Practice English Speaking&Listening with: The Uncomfortable Truth About Deep Sea Mining

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a shift to a world that's no longer powered by fossil fuels likely means we're going to

rely more on batteries and the metals that make them because land-based sources of these metals

can meet the demand of a battery-powered world private companies have turned their attention to

the ocean floor but mining the murky depths may come with a greater cost to the planet

than it's worth terrestrial mining doesn't have a perfect record it comes with a long list of

environmental and human rights abuses including pollution and child labor all this to dig up

raw materials like nickel manganese and cobalt that are necessary for our lithium-ion batteries

some strategies for a carbon-free future depend on making these batteries in much larger numbers and

using them as a power source for electric cars or a storage method for electricity generated

by renewables but another source of these materials could lie at the bottom of the ocean

potato sized lumps called polymetallic nodules are rich in manganese copper cobalt nickel and other

precious metals and they're found in abundance in some areas like the clarion clipperton zone

that stretches from hawaii to mexico in this one area alone known as the ccz nodules contain more

nickel and cobalt than in all known land-based sources combined there are a few reasons why

we haven't scooped up those tempting little sea nuggets one of them is technological between us

and them there is a literal ocean and getting to them is not a matter of just distance but pressure

too the deep sea is usually defined as the water 200 meters below the surface and beyond every 10

meters under water adds another atmosphere worth of pressure and these nodules are often found

below 3000 meters that means the machines that harvest them would have to withstand more than

300 times more pressure than you or i feel walking around on the surface the expense

and engineering that would go into a sea floor harvesting operation has long deterred anything

beyond small scale exploration but after decades of testing the technology to mine the ocean floor

looks like it's maturing and ready for large scale use for example one company nautilus minerals has

developed this trio of machines two of them are for crushing up ore before the third collects it

mixes it with seawater and sends it to a pump that lifts the slurry to vessels on the surface

the other thing standing in the way of deep sea mining is a lack of a legal framework nodule-rich

areas like the ccz are in international waters a united nations chartered organization called

the international seabed authority or isa has been working with 167 member states and the

european union to hammer out the rules and best practices for deep sea mining they could agree

on terms by 2021. in the past decade though the isa has issued almost 30 exploratory licenses

but once the rules are finalized operations could ramp up to an industrial scale as companies gear

up to mine the ocean many scientists that study the ocean depths warn that mining could be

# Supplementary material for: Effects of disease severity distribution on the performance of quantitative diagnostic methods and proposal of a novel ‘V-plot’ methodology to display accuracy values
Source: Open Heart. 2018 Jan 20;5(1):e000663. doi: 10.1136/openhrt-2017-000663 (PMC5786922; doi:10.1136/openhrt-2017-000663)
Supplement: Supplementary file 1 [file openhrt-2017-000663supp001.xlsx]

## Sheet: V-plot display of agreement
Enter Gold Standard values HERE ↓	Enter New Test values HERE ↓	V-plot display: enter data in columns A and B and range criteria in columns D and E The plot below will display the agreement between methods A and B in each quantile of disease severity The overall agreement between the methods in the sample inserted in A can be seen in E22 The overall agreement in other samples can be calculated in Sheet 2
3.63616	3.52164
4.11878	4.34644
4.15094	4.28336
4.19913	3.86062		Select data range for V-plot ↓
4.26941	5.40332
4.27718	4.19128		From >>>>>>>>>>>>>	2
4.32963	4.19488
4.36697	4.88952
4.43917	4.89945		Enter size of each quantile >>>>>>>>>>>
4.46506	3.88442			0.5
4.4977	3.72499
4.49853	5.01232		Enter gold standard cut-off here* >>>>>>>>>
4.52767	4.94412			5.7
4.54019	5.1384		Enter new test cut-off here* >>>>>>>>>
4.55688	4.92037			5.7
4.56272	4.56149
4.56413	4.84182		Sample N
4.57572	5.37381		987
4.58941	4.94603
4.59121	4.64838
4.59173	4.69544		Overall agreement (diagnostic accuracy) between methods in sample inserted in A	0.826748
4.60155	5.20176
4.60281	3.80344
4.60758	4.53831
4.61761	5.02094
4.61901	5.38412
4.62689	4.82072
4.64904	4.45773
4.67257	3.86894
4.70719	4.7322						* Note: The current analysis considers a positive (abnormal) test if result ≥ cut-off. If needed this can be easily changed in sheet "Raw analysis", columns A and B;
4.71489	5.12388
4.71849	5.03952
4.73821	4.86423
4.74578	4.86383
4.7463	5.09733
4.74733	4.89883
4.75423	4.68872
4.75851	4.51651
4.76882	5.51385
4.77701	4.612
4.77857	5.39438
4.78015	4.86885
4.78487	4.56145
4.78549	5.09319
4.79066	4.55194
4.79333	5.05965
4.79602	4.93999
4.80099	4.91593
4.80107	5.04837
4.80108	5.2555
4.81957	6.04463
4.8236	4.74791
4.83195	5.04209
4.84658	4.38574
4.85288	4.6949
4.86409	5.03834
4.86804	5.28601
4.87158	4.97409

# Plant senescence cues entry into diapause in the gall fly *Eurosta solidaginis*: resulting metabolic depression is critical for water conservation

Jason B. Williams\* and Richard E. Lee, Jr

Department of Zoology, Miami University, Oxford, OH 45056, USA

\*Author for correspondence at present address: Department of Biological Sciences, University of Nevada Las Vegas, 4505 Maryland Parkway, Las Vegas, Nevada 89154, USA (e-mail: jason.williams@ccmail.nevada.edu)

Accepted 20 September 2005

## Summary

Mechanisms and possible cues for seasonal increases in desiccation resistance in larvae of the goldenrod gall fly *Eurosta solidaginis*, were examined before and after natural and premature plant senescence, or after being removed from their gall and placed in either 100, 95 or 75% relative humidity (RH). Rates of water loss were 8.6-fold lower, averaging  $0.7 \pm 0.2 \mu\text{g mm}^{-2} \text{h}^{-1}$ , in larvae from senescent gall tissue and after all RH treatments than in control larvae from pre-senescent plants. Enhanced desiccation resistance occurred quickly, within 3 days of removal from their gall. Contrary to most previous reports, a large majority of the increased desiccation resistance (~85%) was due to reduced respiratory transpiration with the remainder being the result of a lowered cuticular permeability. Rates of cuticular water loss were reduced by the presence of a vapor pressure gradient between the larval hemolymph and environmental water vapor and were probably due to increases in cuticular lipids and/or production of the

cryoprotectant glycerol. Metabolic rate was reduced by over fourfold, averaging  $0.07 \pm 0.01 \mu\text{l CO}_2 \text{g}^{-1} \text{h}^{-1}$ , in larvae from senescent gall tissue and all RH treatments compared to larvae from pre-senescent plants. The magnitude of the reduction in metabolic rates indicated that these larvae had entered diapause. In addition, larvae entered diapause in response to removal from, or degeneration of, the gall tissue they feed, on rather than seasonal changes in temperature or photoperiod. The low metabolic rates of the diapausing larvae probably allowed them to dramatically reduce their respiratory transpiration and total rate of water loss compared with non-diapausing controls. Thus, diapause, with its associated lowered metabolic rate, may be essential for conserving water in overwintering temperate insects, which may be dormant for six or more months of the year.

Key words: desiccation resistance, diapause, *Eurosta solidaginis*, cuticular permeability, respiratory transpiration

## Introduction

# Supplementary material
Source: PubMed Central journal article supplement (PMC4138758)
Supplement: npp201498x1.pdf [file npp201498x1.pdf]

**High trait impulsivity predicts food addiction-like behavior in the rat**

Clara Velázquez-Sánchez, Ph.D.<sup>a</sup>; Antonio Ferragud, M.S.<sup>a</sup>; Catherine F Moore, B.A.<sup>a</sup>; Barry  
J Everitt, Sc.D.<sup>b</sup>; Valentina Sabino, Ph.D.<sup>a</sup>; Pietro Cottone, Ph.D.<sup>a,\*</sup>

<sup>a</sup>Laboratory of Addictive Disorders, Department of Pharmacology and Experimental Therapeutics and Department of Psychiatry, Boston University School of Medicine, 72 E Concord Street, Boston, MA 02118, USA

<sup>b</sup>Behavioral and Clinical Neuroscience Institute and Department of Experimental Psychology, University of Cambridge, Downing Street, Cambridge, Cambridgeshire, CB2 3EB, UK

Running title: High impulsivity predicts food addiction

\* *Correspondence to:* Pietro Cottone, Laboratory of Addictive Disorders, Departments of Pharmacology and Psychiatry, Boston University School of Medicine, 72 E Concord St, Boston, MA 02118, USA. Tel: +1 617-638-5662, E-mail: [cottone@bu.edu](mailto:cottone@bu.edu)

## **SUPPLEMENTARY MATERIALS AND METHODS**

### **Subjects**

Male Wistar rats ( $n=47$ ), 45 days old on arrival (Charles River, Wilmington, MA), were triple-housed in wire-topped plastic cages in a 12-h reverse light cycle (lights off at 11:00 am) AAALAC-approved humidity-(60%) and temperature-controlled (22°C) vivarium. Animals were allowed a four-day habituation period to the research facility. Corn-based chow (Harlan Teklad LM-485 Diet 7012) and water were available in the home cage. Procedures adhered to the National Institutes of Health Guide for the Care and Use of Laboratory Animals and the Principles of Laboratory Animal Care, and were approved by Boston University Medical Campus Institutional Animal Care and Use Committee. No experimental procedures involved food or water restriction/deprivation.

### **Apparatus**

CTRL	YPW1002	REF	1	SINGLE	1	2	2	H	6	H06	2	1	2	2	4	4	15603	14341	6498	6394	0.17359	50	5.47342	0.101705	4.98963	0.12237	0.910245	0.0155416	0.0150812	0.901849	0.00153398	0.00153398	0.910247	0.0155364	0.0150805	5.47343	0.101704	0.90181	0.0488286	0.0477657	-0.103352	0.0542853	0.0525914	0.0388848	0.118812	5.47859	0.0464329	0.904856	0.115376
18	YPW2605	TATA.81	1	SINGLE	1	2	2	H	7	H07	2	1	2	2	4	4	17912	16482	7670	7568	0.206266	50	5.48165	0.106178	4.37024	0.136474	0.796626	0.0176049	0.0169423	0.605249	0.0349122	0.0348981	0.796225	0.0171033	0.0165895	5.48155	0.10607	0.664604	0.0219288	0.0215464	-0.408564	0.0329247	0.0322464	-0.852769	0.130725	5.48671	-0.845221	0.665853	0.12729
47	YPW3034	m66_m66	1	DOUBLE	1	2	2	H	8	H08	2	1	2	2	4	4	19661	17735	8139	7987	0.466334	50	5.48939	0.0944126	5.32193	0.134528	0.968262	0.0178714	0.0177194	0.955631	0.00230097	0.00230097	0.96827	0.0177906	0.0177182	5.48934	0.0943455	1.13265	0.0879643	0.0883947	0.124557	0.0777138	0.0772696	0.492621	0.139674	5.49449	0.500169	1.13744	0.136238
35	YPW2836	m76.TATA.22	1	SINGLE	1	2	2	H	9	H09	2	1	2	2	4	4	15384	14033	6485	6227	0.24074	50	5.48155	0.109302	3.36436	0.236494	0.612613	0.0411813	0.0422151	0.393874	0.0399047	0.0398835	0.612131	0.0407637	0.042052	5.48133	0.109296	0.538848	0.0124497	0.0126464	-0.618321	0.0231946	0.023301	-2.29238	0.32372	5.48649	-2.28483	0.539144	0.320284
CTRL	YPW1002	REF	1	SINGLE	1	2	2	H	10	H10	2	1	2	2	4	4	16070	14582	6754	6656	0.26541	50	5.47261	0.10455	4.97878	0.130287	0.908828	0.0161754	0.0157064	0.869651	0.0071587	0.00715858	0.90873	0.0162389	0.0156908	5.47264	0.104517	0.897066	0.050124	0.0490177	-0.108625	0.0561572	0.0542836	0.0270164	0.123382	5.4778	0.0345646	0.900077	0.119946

environmentally devastating just how devastating we don't really know yet because of that intense

pressure at the sea floor it's the most poorly understood ecosystem on earth scientists didn't

even think it could support much life beyond a few scavengers until 1977 when the first ecosystem

around a hydrothermal vent was discovered almost two and a half kilometers down even

today marine biologists think we've only found a tiny fraction of the life that lives in the deep

mining could wipe out organisms before we've had the chance to discover them like microbes

that have possible uses in medicine many microbes actually live on poly metallic nodules which can

take over 10 million years to form so once they're extracted that habitat isn't coming back the waste

slurry that's dumped back into the ocean once or is extracted could also be a hazard if it's dumped

high up in the water column it could possibly drift for hundreds of kilometers and disrupt

ecosystems far removed from the mining site and the site itself could be scarred for years

in 1989 scientists simulated a mining operation by dragging plows across the sea floor and nearly

three decades later the tracks are still there and the microbe and animal populations haven't fully

recovered some of those bacteria absorb carbon from the environment so mining operations could

set back some of the efforts to go green it's an uncomfortable dilemma mining on land has a

lot of known negatives but the impacts of deep sea mining are unknown and potentially huge a future

where carbon emissions are under control could depend on having enough of these resources but

who knows what irreversible harm we could do getting them fortunately we're getting better

at recycling these metals and other energy storage solutions do exist besides lithium-ion batteries

maybe a healthy sustainable energy future is within our reach but it's going to require

informed people making decisions and caring about what happens to a part of the planet that most of

us will never see poly metallic nodules form as dissolved metals build up on organic materials

and they often form around ancient shark teeth if you want an idea of just how much remains

undiscovered in the ocean check out marin's video on 200 000 new viruses scientists didn't

know existed here thanks for watching be sure to subscribe and i'll see you next time on seeker

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